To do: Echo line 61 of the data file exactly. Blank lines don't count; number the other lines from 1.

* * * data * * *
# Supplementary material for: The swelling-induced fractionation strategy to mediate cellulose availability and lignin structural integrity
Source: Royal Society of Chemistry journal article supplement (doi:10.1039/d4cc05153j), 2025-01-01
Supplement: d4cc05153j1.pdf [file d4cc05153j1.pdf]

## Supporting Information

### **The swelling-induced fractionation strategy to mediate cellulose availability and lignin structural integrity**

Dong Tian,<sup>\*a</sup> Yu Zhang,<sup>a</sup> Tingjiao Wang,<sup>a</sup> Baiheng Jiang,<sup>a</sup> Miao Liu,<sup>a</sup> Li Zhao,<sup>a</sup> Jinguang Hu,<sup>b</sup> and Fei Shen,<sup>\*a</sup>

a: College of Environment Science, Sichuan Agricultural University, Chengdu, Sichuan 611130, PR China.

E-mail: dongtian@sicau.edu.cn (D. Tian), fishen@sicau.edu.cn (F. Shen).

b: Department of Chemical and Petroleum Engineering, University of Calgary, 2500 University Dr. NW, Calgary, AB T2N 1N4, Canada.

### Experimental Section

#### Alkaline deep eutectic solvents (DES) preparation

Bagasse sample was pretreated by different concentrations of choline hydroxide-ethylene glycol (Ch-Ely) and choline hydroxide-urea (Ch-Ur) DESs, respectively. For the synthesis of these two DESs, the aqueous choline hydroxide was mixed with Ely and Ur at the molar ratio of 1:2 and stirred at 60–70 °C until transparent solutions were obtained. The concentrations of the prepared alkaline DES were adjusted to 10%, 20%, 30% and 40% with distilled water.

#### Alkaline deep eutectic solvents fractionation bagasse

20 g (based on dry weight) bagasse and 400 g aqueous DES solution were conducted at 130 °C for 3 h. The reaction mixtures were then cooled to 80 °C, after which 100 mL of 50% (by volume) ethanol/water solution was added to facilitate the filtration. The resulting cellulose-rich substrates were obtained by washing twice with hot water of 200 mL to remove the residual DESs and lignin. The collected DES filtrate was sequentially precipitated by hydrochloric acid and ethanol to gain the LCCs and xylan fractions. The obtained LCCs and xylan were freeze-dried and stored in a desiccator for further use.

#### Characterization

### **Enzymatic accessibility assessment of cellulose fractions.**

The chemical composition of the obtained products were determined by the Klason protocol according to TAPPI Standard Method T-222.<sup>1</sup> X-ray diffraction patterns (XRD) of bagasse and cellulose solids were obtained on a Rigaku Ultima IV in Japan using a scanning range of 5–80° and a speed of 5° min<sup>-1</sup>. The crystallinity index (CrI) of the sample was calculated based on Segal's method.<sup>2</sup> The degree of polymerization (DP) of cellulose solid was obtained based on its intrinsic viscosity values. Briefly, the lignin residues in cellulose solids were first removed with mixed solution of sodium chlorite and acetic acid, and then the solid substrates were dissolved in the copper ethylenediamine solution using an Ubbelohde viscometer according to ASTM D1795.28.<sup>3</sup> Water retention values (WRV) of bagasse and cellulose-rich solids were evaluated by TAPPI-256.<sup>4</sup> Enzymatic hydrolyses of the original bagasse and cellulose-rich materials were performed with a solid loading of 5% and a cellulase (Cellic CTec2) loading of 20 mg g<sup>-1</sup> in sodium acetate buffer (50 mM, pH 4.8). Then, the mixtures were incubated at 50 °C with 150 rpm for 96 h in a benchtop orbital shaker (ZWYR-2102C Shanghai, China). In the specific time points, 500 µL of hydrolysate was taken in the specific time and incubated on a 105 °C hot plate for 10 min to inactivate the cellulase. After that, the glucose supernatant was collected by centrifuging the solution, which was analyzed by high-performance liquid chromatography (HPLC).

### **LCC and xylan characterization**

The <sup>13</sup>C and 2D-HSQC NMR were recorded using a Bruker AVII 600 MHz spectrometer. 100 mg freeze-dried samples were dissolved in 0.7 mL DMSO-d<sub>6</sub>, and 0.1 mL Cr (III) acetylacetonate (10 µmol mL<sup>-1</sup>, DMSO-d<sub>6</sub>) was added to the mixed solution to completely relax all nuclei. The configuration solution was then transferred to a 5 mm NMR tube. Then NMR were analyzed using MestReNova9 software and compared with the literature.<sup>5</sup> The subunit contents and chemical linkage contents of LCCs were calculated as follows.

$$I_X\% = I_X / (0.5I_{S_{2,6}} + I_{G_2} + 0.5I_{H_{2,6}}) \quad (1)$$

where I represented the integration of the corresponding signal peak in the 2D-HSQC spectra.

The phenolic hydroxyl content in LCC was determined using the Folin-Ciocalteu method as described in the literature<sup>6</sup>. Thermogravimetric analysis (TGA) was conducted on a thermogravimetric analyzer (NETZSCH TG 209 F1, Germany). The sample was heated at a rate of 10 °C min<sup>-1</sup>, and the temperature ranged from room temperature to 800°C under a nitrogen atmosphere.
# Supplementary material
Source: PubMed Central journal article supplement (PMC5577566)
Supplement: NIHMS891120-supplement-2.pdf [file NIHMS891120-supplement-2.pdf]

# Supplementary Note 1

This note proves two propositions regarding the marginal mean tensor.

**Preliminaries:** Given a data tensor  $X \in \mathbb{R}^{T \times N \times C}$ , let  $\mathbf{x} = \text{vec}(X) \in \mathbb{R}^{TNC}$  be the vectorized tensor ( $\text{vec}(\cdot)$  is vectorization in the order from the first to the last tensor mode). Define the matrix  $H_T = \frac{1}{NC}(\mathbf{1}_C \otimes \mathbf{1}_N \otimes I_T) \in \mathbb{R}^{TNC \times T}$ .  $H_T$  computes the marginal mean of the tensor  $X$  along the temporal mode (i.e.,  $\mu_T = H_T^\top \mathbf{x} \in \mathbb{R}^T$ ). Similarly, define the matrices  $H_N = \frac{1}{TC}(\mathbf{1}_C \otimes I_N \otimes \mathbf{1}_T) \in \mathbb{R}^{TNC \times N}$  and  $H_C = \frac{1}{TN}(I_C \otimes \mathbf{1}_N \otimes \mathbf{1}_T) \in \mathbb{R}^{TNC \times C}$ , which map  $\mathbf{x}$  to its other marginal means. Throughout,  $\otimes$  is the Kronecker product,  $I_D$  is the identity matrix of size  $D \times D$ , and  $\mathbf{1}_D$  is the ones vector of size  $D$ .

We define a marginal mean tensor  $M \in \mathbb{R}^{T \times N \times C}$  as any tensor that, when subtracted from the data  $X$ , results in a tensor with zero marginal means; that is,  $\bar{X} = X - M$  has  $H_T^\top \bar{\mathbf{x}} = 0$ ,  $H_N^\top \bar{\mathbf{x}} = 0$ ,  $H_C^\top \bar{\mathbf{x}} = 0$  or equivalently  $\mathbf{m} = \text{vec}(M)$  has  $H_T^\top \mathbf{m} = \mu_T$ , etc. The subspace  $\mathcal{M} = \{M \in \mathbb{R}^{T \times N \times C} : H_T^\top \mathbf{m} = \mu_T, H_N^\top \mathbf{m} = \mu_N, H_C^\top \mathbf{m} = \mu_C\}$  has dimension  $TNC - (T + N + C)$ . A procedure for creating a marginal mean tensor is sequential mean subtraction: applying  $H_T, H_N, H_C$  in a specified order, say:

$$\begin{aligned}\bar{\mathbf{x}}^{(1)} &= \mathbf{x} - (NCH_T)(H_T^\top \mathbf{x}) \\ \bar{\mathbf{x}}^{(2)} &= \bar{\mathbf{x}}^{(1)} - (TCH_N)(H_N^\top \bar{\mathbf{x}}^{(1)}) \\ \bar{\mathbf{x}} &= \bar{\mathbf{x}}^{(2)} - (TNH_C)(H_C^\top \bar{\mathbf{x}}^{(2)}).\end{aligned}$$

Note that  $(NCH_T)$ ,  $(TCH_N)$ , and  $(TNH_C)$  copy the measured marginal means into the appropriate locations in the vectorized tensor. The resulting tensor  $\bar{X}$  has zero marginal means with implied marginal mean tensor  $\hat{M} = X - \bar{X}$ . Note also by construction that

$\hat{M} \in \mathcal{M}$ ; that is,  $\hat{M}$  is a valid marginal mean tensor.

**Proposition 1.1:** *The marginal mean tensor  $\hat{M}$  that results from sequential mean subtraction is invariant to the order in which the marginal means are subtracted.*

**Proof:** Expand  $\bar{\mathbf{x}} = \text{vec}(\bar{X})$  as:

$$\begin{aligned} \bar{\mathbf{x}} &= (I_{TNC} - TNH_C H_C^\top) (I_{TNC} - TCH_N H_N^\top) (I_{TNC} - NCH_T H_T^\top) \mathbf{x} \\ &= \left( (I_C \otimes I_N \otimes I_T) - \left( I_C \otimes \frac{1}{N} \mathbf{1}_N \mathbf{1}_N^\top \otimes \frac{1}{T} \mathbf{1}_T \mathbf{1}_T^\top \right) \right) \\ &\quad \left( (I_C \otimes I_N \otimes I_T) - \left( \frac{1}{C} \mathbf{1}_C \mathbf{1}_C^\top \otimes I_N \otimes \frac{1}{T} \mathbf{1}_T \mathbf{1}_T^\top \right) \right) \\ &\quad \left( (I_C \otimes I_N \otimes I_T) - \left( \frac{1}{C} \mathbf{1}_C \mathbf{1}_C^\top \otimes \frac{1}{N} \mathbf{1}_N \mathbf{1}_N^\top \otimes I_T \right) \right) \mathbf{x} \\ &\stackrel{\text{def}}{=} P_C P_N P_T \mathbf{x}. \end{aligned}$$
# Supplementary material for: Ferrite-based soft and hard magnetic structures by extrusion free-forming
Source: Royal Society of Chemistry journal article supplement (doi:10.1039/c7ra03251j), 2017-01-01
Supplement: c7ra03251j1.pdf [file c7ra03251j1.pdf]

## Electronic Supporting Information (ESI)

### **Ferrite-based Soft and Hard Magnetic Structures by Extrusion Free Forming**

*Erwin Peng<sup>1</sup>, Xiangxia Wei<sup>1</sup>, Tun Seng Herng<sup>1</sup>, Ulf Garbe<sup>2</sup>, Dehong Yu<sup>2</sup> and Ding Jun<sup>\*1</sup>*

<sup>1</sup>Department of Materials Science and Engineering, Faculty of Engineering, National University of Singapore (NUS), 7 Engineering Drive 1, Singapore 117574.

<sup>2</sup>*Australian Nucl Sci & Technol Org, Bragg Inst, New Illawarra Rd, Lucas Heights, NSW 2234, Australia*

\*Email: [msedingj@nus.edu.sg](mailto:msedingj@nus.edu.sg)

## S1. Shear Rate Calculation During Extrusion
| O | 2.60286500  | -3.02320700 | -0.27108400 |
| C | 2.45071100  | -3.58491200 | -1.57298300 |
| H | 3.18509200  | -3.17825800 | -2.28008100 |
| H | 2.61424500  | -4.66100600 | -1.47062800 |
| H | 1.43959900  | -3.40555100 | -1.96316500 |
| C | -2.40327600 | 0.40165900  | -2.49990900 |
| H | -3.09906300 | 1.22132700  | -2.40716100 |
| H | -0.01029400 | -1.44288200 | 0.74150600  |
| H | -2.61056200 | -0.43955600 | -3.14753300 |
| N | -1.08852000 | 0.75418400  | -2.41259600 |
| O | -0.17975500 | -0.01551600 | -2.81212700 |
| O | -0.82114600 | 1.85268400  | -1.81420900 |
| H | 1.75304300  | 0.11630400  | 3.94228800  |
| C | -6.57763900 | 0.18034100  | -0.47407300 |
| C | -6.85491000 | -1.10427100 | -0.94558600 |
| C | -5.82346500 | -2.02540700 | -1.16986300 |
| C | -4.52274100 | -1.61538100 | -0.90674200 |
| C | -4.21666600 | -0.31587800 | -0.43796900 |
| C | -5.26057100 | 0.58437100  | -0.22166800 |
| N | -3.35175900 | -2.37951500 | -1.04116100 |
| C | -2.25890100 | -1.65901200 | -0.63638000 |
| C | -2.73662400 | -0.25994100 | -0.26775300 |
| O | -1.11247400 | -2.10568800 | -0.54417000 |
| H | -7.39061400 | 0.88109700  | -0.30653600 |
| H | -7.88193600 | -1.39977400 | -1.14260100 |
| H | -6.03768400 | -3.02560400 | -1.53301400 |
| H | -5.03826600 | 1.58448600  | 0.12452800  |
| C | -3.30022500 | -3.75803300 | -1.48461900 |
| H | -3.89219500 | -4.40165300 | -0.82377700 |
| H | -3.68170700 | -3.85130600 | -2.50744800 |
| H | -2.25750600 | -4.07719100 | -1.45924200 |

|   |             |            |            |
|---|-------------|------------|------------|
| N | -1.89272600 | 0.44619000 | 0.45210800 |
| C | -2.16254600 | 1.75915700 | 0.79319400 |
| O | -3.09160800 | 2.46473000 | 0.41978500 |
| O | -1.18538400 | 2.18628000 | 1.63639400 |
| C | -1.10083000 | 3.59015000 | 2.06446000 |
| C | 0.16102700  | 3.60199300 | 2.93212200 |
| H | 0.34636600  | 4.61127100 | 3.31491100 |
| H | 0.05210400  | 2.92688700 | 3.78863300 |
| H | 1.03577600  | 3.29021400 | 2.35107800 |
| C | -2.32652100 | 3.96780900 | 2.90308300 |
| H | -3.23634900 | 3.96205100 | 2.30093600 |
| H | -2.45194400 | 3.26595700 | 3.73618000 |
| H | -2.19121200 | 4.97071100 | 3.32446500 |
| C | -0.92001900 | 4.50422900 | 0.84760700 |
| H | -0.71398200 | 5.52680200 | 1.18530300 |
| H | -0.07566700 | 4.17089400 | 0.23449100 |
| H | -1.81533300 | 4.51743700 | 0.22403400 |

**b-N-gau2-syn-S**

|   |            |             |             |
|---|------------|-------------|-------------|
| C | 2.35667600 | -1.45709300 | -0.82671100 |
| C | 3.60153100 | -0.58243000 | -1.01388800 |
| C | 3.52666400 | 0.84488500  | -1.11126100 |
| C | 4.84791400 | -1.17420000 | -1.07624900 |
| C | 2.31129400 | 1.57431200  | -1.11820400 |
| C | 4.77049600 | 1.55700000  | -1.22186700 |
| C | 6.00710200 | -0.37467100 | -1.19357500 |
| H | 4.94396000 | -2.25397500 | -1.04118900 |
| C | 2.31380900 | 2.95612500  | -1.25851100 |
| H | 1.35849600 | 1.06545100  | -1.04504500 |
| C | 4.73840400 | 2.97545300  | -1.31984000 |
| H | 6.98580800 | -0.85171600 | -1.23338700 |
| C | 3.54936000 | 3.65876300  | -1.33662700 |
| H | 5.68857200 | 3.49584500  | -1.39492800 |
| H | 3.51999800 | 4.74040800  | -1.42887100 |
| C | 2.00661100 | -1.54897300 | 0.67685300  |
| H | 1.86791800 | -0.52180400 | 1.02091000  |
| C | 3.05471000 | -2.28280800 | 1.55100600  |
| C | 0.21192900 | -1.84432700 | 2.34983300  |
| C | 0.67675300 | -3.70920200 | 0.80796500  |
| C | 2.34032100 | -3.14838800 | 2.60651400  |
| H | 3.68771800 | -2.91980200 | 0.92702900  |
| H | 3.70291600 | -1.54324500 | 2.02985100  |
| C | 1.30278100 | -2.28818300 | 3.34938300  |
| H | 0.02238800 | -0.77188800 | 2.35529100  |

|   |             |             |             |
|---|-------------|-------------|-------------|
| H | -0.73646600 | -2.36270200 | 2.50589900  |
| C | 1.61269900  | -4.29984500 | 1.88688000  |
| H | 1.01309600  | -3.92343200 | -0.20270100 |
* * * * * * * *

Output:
| C | -5.82346500 | -2.02540700 | -1.16986300 |